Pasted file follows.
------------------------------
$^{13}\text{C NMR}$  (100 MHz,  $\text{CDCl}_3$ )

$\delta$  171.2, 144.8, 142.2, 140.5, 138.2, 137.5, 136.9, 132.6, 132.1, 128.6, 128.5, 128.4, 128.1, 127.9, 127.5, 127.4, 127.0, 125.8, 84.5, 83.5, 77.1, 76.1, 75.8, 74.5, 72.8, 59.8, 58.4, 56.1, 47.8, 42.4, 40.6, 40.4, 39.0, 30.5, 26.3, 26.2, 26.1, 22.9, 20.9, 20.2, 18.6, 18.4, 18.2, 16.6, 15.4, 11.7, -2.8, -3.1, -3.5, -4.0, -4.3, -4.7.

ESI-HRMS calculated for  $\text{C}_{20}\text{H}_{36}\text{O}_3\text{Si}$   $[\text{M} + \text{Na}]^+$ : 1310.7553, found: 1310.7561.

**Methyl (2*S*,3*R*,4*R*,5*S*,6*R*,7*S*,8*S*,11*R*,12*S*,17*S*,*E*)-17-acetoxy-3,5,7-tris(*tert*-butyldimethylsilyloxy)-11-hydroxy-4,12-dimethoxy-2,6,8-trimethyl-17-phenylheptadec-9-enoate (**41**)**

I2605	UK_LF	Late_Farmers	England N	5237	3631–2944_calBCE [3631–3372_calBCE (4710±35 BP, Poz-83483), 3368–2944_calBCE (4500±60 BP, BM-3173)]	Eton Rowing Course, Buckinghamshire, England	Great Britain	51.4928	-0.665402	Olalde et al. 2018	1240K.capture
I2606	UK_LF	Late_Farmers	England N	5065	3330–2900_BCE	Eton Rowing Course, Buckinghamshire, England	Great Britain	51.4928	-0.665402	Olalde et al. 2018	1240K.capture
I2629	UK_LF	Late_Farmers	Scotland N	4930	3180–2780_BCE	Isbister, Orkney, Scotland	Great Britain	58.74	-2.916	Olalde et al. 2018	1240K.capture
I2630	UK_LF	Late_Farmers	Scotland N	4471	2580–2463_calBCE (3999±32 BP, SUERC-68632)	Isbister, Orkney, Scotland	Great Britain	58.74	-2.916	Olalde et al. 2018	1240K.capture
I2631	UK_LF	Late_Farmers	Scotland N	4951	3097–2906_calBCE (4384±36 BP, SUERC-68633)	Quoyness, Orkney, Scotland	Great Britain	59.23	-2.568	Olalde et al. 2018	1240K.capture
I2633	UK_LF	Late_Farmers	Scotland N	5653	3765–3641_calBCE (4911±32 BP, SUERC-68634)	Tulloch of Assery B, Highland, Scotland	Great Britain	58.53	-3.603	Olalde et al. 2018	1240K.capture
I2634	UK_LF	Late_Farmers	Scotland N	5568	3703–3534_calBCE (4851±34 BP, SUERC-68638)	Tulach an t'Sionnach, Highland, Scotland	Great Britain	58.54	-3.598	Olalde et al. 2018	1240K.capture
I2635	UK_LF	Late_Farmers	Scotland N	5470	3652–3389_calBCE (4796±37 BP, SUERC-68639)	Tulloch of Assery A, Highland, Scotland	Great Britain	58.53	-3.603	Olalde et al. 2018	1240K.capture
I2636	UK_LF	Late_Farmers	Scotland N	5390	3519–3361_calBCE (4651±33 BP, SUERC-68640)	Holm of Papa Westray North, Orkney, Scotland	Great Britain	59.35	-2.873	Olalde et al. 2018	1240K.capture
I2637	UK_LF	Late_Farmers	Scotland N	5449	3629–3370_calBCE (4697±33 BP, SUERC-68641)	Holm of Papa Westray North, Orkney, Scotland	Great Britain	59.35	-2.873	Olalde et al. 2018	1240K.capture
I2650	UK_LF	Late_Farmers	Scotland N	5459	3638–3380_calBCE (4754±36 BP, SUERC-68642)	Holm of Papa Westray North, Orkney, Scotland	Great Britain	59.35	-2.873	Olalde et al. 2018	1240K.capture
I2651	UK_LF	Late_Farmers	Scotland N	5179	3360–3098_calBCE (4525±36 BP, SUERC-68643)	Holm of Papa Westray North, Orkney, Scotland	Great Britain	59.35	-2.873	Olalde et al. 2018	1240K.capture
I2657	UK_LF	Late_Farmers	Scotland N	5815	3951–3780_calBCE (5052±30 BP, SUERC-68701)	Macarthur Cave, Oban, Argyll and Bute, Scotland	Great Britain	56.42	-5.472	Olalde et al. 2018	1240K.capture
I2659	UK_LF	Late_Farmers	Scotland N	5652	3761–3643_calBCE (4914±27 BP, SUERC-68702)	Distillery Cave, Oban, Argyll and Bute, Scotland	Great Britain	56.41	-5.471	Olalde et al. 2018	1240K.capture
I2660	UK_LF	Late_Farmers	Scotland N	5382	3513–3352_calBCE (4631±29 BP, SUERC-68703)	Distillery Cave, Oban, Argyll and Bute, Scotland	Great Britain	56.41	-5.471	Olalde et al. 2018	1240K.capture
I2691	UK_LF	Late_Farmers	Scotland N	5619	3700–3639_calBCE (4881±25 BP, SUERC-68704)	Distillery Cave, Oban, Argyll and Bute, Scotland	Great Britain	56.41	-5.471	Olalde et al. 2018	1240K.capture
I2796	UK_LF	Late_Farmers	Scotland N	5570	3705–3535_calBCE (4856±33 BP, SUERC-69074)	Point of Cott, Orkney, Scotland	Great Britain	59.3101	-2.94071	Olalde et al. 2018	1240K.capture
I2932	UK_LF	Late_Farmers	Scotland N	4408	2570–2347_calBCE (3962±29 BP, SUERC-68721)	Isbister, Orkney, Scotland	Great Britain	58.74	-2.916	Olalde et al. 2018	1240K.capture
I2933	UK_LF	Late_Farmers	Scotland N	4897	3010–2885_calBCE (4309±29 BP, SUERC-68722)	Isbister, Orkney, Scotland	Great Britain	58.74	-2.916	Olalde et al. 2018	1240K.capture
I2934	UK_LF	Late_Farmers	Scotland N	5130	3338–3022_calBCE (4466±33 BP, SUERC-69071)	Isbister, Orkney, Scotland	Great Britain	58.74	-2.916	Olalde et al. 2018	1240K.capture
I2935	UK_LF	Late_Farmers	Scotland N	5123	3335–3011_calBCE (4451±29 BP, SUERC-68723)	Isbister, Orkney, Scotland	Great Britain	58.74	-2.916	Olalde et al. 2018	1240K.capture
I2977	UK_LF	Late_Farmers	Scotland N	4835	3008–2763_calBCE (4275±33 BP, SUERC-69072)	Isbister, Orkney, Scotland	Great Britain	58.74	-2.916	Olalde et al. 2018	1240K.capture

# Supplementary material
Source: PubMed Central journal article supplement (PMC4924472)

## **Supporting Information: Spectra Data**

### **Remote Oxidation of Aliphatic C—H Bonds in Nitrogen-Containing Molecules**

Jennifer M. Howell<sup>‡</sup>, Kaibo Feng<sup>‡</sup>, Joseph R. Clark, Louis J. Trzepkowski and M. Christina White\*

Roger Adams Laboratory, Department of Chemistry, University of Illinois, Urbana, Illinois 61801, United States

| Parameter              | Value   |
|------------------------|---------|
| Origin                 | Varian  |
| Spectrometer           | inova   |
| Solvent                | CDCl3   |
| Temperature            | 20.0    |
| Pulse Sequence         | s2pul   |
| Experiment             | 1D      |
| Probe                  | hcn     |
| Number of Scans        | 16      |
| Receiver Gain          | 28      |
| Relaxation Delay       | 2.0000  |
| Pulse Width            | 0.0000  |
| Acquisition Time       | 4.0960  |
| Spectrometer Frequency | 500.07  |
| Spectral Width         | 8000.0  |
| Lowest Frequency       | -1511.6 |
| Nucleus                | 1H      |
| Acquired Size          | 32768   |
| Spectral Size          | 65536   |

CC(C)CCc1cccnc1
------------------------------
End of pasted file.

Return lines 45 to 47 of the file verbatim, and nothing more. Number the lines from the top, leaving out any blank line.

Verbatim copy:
| Pulse Width            | 0.0000  |
| Acquisition Time       | 4.0960  |
| Spectrometer Frequency | 500.07  |